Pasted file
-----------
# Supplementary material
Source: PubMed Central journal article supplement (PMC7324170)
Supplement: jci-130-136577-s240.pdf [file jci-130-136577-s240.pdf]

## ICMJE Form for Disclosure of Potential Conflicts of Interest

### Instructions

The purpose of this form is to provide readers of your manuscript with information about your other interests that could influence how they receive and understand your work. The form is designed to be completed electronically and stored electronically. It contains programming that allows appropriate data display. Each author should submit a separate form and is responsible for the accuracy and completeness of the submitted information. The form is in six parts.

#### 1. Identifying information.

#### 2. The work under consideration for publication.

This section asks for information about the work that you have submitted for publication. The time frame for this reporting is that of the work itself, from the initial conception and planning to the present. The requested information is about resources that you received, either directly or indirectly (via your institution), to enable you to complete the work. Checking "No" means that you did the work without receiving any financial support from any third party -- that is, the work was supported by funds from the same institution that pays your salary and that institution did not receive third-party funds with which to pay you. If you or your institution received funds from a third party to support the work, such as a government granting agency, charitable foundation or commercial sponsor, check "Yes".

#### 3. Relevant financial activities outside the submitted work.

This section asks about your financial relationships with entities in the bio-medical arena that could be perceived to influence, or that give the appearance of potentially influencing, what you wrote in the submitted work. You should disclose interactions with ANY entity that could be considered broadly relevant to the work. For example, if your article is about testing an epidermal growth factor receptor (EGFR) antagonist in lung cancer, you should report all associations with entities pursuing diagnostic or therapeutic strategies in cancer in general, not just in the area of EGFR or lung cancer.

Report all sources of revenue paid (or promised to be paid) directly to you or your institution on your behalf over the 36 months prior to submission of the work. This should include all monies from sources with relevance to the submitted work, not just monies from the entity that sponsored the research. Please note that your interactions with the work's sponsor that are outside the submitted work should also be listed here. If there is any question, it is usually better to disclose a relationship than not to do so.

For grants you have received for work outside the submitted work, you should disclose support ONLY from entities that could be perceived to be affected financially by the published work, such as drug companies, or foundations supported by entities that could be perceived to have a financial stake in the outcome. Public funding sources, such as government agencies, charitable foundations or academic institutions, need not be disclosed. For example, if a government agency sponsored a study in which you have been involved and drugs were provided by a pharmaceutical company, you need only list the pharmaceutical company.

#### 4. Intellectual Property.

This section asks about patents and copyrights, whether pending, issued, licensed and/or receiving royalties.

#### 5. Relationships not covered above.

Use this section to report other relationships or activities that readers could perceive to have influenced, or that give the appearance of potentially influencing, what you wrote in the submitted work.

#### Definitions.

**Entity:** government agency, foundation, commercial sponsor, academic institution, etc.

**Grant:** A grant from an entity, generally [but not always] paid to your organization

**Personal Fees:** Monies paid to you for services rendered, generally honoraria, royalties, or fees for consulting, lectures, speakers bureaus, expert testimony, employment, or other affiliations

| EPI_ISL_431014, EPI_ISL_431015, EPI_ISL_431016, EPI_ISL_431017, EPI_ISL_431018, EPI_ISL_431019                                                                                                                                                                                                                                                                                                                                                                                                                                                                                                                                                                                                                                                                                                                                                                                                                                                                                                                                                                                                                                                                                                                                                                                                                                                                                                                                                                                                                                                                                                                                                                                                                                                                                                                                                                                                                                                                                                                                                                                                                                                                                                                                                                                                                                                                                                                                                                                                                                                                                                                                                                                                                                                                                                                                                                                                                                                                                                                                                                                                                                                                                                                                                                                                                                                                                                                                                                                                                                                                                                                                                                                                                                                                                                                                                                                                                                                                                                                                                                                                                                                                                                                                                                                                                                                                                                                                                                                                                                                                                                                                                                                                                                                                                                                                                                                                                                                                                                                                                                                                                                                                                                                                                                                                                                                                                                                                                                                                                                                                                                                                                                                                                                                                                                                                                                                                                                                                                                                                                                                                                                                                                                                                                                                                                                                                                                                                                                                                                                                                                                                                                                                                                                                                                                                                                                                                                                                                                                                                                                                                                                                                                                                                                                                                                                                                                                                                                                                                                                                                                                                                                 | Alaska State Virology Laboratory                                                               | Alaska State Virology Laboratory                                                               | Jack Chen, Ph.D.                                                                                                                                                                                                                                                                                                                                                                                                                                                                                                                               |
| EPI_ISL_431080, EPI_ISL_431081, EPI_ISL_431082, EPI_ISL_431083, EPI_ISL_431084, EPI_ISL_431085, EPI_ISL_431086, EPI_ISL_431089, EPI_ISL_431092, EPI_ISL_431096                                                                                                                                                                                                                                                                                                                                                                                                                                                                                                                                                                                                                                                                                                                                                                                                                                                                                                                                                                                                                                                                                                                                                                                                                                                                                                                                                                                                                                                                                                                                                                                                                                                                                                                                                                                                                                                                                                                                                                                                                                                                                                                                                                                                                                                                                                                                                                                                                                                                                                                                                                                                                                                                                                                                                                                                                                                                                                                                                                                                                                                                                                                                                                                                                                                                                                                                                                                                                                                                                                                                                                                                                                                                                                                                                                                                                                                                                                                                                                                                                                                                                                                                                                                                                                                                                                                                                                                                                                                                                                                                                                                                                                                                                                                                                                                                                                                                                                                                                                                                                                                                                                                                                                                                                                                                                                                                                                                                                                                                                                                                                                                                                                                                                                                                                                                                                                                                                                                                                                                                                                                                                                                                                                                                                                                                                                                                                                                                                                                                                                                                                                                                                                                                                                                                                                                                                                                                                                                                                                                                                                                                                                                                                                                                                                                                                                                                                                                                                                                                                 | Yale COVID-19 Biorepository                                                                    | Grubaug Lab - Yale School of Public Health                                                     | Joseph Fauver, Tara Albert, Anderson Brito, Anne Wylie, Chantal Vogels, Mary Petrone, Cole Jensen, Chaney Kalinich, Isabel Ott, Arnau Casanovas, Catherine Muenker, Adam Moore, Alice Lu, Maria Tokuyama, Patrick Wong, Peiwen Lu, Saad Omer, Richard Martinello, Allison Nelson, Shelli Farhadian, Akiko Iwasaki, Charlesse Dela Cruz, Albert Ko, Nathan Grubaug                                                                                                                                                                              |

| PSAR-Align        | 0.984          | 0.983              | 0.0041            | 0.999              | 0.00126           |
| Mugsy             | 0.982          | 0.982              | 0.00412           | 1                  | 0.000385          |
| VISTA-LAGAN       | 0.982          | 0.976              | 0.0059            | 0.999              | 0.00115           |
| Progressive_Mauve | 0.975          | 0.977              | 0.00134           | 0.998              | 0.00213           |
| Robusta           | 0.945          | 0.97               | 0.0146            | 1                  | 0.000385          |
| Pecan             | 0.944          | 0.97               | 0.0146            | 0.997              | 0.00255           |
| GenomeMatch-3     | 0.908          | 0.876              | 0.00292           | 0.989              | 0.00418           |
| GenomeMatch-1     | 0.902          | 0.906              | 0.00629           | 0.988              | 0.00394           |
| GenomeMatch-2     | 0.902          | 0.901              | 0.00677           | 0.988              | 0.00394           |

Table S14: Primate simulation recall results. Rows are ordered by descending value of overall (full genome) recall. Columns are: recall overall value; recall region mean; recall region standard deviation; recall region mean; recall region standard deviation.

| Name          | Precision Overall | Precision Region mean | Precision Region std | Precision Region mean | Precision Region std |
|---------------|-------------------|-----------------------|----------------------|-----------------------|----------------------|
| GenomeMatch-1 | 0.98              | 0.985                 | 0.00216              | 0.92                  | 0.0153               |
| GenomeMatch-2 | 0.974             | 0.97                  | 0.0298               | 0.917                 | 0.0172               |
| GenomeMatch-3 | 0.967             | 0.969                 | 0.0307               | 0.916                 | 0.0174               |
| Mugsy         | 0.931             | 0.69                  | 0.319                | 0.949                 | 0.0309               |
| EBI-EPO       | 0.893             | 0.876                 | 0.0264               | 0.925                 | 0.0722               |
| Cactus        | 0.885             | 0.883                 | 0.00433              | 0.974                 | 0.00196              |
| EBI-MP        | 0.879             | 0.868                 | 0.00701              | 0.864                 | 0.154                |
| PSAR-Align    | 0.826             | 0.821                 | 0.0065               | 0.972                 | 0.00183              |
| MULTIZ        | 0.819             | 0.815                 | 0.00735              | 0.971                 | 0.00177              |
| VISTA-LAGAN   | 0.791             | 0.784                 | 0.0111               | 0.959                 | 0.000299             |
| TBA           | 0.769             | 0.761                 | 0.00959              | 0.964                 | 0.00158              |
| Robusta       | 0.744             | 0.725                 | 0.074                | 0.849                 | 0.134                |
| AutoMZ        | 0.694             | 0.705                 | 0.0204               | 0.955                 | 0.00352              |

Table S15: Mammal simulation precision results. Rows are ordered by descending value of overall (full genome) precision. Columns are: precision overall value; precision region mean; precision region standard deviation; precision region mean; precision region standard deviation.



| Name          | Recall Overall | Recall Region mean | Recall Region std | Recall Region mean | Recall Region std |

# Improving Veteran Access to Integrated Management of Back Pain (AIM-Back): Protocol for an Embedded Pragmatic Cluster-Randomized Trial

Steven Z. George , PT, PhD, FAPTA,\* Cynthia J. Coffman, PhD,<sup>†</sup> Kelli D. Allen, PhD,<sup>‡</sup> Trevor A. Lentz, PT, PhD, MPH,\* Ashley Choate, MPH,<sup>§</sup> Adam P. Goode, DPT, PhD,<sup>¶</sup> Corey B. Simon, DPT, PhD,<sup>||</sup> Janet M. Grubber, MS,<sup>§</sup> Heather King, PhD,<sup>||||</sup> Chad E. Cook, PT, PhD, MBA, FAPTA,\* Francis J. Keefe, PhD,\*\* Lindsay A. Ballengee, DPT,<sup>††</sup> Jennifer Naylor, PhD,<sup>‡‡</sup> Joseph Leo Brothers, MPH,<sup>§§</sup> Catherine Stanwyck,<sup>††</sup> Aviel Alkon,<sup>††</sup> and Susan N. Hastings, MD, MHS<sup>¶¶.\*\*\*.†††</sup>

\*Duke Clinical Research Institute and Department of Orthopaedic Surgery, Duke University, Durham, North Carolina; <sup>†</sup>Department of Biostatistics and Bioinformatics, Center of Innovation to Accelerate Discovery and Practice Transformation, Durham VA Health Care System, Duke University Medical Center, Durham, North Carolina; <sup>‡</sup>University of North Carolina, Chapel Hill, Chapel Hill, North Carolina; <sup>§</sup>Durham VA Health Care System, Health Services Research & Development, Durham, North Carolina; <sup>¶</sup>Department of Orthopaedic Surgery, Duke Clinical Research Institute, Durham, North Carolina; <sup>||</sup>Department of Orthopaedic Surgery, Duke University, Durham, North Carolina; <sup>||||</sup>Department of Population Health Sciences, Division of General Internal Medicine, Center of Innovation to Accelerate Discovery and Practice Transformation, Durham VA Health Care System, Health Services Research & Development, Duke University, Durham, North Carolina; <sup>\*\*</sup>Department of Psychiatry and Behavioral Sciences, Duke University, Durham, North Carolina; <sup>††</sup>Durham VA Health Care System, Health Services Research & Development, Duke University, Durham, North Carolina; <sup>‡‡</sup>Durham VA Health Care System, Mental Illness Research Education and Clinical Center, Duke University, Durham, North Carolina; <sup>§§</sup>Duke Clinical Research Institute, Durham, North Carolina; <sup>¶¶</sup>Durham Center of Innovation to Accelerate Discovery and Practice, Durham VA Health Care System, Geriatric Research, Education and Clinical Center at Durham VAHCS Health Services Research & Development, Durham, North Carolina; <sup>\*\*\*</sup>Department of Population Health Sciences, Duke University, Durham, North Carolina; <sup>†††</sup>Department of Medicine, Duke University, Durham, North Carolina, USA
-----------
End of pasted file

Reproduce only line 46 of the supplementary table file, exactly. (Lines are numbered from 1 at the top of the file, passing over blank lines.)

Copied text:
| TBA           | 0.769             | 0.761                 | 0.00959              | 0.964                 | 0.00158              |